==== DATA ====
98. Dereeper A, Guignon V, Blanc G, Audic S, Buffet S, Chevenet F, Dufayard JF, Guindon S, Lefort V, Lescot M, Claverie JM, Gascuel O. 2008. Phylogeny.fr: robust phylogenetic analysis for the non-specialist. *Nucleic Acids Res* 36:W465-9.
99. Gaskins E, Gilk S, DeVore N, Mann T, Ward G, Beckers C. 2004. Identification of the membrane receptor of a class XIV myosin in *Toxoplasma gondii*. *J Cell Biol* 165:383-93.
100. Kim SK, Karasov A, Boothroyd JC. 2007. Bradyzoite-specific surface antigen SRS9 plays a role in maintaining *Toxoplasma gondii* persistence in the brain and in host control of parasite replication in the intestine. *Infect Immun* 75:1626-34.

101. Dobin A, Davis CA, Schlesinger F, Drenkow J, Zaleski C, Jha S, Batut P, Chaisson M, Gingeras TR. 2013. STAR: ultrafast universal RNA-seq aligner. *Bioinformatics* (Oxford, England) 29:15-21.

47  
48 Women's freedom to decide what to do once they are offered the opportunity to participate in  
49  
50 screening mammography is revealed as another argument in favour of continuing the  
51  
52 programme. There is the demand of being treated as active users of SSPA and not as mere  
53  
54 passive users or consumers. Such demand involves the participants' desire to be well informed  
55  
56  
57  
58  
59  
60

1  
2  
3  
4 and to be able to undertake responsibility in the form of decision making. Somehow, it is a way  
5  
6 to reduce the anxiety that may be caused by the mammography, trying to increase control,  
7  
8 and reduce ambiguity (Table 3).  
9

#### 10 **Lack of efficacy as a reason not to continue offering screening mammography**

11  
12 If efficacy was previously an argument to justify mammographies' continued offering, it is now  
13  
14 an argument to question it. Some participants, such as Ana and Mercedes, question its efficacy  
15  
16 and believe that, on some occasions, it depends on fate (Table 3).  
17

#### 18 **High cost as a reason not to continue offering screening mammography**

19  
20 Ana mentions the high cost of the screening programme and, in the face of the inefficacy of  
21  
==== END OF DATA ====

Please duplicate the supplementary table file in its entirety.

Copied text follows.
98. Dereeper A, Guignon V, Blanc G, Audic S, Buffet S, Chevenet F, Dufayard JF, Guindon S, Lefort V, Lescot M, Claverie JM, Gascuel O. 2008. Phylogeny.fr: robust phylogenetic analysis for the non-specialist. *Nucleic Acids Res* 36:W465-9.
99. Gaskins E, Gilk S, DeVore N, Mann T, Ward G, Beckers C. 2004. Identification of the membrane receptor of a class XIV myosin in *Toxoplasma gondii*. *J Cell Biol* 165:383-93.
100. Kim SK, Karasov A, Boothroyd JC. 2007. Bradyzoite-specific surface antigen SRS9 plays a role in maintaining *Toxoplasma gondii* persistence in the brain and in host control of parasite replication in the intestine. *Infect Immun* 75:1626-34.

101. Dobin A, Davis CA, Schlesinger F, Drenkow J, Zaleski C, Jha S, Batut P, Chaisson M, Gingeras TR. 2013. STAR: ultrafast universal RNA-seq aligner. *Bioinformatics* (Oxford, England) 29:15-21.

47  
48 Women's freedom to decide what to do once they are offered the opportunity to participate in  
49  
50 screening mammography is revealed as another argument in favour of continuing the  
51  
52 programme. There is the demand of being treated as active users of SSPA and not as mere  
53  
54 passive users or consumers. Such demand involves the participants' desire to be well informed  
55  
56  
57  
58  
59  
60

1  
2  
3  
4 and to be able to undertake responsibility in the form of decision making. Somehow, it is a way  
5  
6 to reduce the anxiety that may be caused by the mammography, trying to increase control,  
7  
8 and reduce ambiguity (Table 3).  
9

#### 10 **Lack of efficacy as a reason not to continue offering screening mammography**

11  
12 If efficacy was previously an argument to justify mammographies' continued offering, it is now  
13  
14 an argument to question it. Some participants, such as Ana and Mercedes, question its efficacy  
15  
16 and believe that, on some occasions, it depends on fate (Table 3).  
17

#### 18 **High cost as a reason not to continue offering screening mammography**

19  
20 Ana mentions the high cost of the screening programme and, in the face of the inefficacy of  
21  